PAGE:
Koroma agreed with Kargbo’s assessment, adding that foreign agencies tend to bring in their own experts, staff and consultants, with the bulk of funds donated by individuals going to maintaining the agency’s presence in the country. The biggest flaw in their methods, he said, is a lack of community input and ownership in the projects donors are financing.
“Donors have their own plans, designs and goals,” he said. “They go implement these projects themselves while leaving the community out, and sustainability becomes a problem. Because at the end of the day, the project ends and nobody continues the project.”
Community engagement was critical in tracking Ebola contacts. Tracking squads were ineffective once they moved out of their home communities. It wasn’t until teams began hiring local youths exclusively that their respective districts were able to reign in missing contacts and fleeing patients.
“Community ownership is critical and we saw that in the fight against Ebola,” Kamara said. “As long as donors continue to force large, blueprint projects on the people of this country, they will continue to be white elephant activities. It has to be a holistic engagement with the government and local community people. Otherwise those projects will continue to be unsustainable and the people will not continue to support them.”
The Ministry of Health recently began adopting what they call Service Level Agreements in an effort to encourage further donor-community engagement. These agreements require donor agencies to first have a dialogue with community members to outline their needs before designing a project, scouting out local workers to assist with implementation.
After the project is approved by community leaders, the plan is sent to the Ministry of Health, where it is evaluated by a finance team and then a team of ministry directors. If both teams endorse the plan, it is sent to the minister for final approval. Only then can donors begin to implement the project.
Kargbo says the new process “will go very fast and no one will ever complain that their proposals are slow because they go through us.” But bureaucratic hold-ups are endemic on all sides of the Sierra Leonean health sector.
Dr. Koneh has three nurses working along side him at the Hinistaas Community Health Center but only one has ever been paid. The other two have worked for years without pay, caught in limbo while they wait for their titles to be officially filed with the ministry. Koneh himself only began receiving his salary in 2009 after waiting nearly five years for his position to be officially documented.
Although he makes little more than $100 a month, Koneh regularly shares with the other staff to encourage them to keep working. He says it’s his patriotic duty to make sure the clinic stays staffed and that despite the lack of incentives, he has a personal obligation to press on.
“The first health worker to die of Ebola in this country was my own sister, Messi Koneh,” he said. “She died in abject poverty because she did not have gloves to treat patients with. Those who went to the burial, who took part in the ceremony, all of them died. … The aim is to never do harm to any patient, but in these conditions you just can’t help everyone. Health can’t be about money.”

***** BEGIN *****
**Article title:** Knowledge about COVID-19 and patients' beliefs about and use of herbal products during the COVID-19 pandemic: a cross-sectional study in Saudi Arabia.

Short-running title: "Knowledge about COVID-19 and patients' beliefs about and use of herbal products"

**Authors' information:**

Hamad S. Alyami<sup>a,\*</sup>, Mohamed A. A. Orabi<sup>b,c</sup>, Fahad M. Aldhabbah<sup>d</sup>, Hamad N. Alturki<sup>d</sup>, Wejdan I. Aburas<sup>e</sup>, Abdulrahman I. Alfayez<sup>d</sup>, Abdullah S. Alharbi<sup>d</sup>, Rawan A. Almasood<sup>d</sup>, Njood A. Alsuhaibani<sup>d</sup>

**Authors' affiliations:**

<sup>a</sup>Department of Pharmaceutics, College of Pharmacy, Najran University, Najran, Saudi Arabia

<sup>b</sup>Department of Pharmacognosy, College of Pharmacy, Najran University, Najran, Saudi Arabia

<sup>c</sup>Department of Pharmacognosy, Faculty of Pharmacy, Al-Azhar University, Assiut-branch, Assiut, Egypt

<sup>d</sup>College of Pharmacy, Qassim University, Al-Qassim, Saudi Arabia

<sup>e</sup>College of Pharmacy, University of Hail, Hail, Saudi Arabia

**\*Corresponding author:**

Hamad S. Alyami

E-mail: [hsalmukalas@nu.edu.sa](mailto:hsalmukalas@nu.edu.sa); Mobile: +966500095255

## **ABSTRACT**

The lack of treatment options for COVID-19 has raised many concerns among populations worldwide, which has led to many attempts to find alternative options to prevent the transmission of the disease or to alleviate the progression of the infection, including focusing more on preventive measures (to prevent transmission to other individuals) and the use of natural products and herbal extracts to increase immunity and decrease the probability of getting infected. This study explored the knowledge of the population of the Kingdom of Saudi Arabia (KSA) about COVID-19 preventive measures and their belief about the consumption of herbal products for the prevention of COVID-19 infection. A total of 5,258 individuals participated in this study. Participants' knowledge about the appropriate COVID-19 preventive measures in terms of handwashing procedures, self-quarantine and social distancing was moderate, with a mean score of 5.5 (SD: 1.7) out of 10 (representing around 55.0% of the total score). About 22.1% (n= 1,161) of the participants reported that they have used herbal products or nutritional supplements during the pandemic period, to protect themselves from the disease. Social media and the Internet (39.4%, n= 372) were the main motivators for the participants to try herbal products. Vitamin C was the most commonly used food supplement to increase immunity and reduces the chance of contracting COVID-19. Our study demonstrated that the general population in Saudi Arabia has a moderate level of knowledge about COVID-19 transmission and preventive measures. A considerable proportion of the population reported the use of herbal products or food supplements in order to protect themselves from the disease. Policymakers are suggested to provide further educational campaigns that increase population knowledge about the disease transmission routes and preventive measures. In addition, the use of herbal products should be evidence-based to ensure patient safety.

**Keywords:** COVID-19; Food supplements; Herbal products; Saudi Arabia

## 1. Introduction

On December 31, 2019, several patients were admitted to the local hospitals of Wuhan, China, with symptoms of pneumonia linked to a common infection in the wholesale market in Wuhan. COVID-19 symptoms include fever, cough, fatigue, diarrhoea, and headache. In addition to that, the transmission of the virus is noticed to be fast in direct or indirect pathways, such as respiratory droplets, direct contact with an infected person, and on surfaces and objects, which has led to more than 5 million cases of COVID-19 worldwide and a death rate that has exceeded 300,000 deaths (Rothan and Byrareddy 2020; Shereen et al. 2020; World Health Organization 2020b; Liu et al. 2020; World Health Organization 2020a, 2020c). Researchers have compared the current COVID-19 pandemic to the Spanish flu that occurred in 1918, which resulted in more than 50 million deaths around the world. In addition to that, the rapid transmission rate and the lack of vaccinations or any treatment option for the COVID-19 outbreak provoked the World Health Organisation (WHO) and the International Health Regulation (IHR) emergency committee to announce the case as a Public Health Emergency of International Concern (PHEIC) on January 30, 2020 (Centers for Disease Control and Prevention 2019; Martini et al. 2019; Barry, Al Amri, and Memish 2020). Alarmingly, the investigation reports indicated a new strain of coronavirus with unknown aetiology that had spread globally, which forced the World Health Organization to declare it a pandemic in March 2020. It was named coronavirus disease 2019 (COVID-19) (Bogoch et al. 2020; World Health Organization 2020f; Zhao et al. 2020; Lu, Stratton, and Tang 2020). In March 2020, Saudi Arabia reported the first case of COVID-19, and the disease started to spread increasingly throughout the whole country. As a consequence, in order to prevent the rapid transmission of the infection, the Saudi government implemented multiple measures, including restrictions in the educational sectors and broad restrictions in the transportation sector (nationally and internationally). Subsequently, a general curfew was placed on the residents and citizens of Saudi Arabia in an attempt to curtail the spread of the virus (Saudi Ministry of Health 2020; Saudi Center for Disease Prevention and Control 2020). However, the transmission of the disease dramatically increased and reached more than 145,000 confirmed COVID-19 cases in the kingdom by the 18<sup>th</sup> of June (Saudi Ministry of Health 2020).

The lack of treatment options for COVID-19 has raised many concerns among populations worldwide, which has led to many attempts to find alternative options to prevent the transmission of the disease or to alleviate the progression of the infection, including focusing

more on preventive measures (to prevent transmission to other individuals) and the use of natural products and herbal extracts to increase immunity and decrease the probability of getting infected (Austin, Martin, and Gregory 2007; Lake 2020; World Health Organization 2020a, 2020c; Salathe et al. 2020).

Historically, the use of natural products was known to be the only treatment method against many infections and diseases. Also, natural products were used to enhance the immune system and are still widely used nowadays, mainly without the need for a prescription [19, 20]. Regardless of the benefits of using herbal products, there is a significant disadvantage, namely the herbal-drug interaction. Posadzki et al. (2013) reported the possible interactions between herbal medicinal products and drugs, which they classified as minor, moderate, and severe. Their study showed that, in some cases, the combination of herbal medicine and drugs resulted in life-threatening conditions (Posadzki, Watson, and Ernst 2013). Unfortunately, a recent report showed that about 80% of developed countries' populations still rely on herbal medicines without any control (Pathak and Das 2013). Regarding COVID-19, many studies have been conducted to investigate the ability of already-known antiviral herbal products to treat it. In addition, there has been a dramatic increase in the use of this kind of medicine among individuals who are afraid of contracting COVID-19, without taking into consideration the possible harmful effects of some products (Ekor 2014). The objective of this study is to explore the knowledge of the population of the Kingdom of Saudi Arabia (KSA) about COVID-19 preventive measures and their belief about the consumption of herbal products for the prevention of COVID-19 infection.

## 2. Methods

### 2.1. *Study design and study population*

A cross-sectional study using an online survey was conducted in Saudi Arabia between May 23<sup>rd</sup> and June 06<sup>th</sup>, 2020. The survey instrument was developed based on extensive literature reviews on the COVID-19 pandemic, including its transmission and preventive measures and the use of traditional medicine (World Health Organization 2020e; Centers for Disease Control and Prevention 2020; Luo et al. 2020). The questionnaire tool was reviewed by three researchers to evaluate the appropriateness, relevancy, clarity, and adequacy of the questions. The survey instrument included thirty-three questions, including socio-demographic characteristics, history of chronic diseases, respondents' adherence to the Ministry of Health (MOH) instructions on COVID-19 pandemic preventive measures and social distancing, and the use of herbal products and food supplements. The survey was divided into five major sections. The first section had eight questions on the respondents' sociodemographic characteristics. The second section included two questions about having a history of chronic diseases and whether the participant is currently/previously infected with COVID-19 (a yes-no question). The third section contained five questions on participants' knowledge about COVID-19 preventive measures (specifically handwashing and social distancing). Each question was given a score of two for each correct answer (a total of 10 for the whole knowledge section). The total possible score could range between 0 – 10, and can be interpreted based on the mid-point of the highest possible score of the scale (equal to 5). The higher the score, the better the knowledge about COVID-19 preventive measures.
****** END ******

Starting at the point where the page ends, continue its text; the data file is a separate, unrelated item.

Messi Koneh was one of 152 health workers killed by the virus in Sierra Leone. Before the outbreak the Ministry of Health estimated that approximately 400 doctors and 1,300 nurses were working in the country – a far cry from the 3,300 doctors and 8,000 nurses it would need to meet international health standards.
“We have nurse and midwife training centers, some by the government and some by development partners, all across the country,” Kamara said. “But recruiting those people who have been trained is a big problem, bringing them into the mainstream and retaining them.”
Post-graduate education for health workers is nonexistent in Sierra Leone and few return after getting specialist training elsewhere. There are two cardiologists, one psychiatrist and one orthopaedic surgeon living in the country, all of whom work in Freetown.
The Ministry of Health says the human resource deficit stems from a lack of funding, and in September Kargbo wrote an op-ed for the Irish Examiner requesting an additional $896 million in Ebola relief aid. But the national health budget was reduced from 10.2 percent to 9.2 percent in 2015 and Kargbo, Koroma and Kamara agree that a large portion of funds allocated are never disbursed.
Sierra Leone gives away three times the health sector’s budget in tax exemptions for mining companies each year and neither the government nor donor partners can say for sure how much Ebola relief money came into the country. Kargbo advocates for a donor fund-monitoring scheme, but Kamara thinks there’s more to it than that.
“It is critical that we hold donors accountable for what they do for the people of this country,” he said, “but it does boil back to government’s intention of having that done. … Ebola taught us that we need a better-equipped health system. If things don’t drastically change in the 2016 budget, we will know that they didn’t learn their lesson.”